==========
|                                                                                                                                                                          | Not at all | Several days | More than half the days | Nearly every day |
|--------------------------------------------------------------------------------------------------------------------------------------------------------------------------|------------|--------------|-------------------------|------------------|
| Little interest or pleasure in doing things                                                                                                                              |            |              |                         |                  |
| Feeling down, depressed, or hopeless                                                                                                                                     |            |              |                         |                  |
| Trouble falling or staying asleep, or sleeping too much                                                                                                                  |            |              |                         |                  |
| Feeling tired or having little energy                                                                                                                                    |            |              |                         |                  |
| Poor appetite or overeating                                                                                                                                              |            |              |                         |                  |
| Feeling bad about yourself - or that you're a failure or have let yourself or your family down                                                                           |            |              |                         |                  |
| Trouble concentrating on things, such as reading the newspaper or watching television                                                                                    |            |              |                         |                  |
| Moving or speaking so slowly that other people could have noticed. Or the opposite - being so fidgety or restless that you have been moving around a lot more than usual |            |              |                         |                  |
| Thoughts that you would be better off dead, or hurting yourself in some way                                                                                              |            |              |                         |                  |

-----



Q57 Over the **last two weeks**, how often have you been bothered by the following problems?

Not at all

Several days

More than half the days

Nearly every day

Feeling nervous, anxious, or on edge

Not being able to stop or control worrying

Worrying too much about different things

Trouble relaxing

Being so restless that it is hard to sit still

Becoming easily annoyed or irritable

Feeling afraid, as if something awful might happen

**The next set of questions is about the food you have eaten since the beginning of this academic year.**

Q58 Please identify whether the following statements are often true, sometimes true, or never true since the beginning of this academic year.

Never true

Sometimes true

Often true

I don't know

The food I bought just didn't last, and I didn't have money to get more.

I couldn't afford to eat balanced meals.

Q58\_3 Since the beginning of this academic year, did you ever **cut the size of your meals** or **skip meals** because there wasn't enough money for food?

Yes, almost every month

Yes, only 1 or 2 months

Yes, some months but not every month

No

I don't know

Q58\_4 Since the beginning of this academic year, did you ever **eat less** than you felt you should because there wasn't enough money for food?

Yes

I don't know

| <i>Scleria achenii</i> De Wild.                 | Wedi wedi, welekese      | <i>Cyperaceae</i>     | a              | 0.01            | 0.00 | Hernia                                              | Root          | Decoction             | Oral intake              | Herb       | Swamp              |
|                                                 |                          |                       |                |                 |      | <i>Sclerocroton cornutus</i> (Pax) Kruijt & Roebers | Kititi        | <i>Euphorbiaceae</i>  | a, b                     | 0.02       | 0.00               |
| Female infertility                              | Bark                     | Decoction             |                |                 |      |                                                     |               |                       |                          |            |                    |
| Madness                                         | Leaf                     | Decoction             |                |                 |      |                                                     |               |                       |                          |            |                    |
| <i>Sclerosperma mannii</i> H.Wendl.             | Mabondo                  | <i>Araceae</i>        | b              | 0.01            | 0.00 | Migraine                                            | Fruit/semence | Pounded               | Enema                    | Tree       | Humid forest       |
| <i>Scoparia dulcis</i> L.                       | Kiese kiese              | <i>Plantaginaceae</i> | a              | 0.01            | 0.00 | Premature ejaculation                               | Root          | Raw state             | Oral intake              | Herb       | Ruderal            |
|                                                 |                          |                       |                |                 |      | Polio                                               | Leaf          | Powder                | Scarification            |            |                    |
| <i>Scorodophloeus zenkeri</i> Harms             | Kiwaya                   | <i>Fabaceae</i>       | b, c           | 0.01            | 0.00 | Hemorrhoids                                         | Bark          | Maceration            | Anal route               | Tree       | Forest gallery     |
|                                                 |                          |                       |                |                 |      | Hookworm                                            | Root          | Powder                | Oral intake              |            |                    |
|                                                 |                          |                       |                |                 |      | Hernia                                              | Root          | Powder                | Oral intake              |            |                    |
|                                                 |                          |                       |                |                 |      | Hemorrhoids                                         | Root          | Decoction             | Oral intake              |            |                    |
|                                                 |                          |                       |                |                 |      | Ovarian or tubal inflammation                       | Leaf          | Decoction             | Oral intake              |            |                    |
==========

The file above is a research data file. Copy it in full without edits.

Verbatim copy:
|                                                                                                                                                                          | Not at all | Several days | More than half the days | Nearly every day |
|--------------------------------------------------------------------------------------------------------------------------------------------------------------------------|------------|--------------|-------------------------|------------------|
| Little interest or pleasure in doing things                                                                                                                              |            |              |                         |                  |
| Feeling down, depressed, or hopeless                                                                                                                                     |            |              |                         |                  |
| Trouble falling or staying asleep, or sleeping too much                                                                                                                  |            |              |                         |                  |
| Feeling tired or having little energy                                                                                                                                    |            |              |                         |                  |
| Poor appetite or overeating                                                                                                                                              |            |              |                         |                  |
| Feeling bad about yourself - or that you're a failure or have let yourself or your family down                                                                           |            |              |                         |                  |
| Trouble concentrating on things, such as reading the newspaper or watching television                                                                                    |            |              |                         |                  |
| Moving or speaking so slowly that other people could have noticed. Or the opposite - being so fidgety or restless that you have been moving around a lot more than usual |            |              |                         |                  |
| Thoughts that you would be better off dead, or hurting yourself in some way                                                                                              |            |              |                         |                  |

-----



Q57 Over the **last two weeks**, how often have you been bothered by the following problems?

Not at all

Several days

More than half the days

Nearly every day

Feeling nervous, anxious, or on edge

Not being able to stop or control worrying

Worrying too much about different things

Trouble relaxing

Being so restless that it is hard to sit still

Becoming easily annoyed or irritable

Feeling afraid, as if something awful might happen

**The next set of questions is about the food you have eaten since the beginning of this academic year.**

Q58 Please identify whether the following statements are often true, sometimes true, or never true since the beginning of this academic year.

Never true

Sometimes true

Often true

I don't know

The food I bought just didn't last, and I didn't have money to get more.

I couldn't afford to eat balanced meals.

Q58\_3 Since the beginning of this academic year, did you ever **cut the size of your meals** or **skip meals** because there wasn't enough money for food?

Yes, almost every month

Yes, only 1 or 2 months

Yes, some months but not every month

No

I don't know

Q58\_4 Since the beginning of this academic year, did you ever **eat less** than you felt you should because there wasn't enough money for food?

Yes

I don't know

| <i>Scleria achenii</i> De Wild.                 | Wedi wedi, welekese      | <i>Cyperaceae</i>     | a              | 0.01            | 0.00 | Hernia                                              | Root          | Decoction             | Oral intake              | Herb       | Swamp              |
|                                                 |                          |                       |                |                 |      | <i>Sclerocroton cornutus</i> (Pax) Kruijt & Roebers | Kititi        | <i>Euphorbiaceae</i>  | a, b                     | 0.02       | 0.00               |
| Female infertility                              | Bark                     | Decoction             |                |                 |      |                                                     |               |                       |                          |            |                    |
| Madness                                         | Leaf                     | Decoction             |                |                 |      |                                                     |               |                       |                          |            |                    |
| <i>Sclerosperma mannii</i> H.Wendl.             | Mabondo                  | <i>Araceae</i>        | b              | 0.01            | 0.00 | Migraine                                            | Fruit/semence | Pounded               | Enema                    | Tree       | Humid forest       |
| <i>Scoparia dulcis</i> L.                       | Kiese kiese              | <i>Plantaginaceae</i> | a              | 0.01            | 0.00 | Premature ejaculation                               | Root          | Raw state             | Oral intake              | Herb       | Ruderal            |
|                                                 |                          |                       |                |                 |      | Polio                                               | Leaf          | Powder                | Scarification            |            |                    |
| <i>Scorodophloeus zenkeri</i> Harms             | Kiwaya                   | <i>Fabaceae</i>       | b, c           | 0.01            | 0.00 | Hemorrhoids                                         | Bark          | Maceration            | Anal route               | Tree       | Forest gallery     |
|                                                 |                          |                       |                |                 |      | Hookworm                                            | Root          | Powder                | Oral intake              |            |                    |
|                                                 |                          |                       |                |                 |      | Hernia                                              | Root          | Powder                | Oral intake              |            |                    |
|                                                 |                          |                       |                |                 |      | Hemorrhoids                                         | Root          | Decoction             | Oral intake              |            |                    |
|                                                 |                          |                       |                |                 |      | Ovarian or tubal inflammation                       | Leaf          | Decoction             | Oral intake              |            |                    |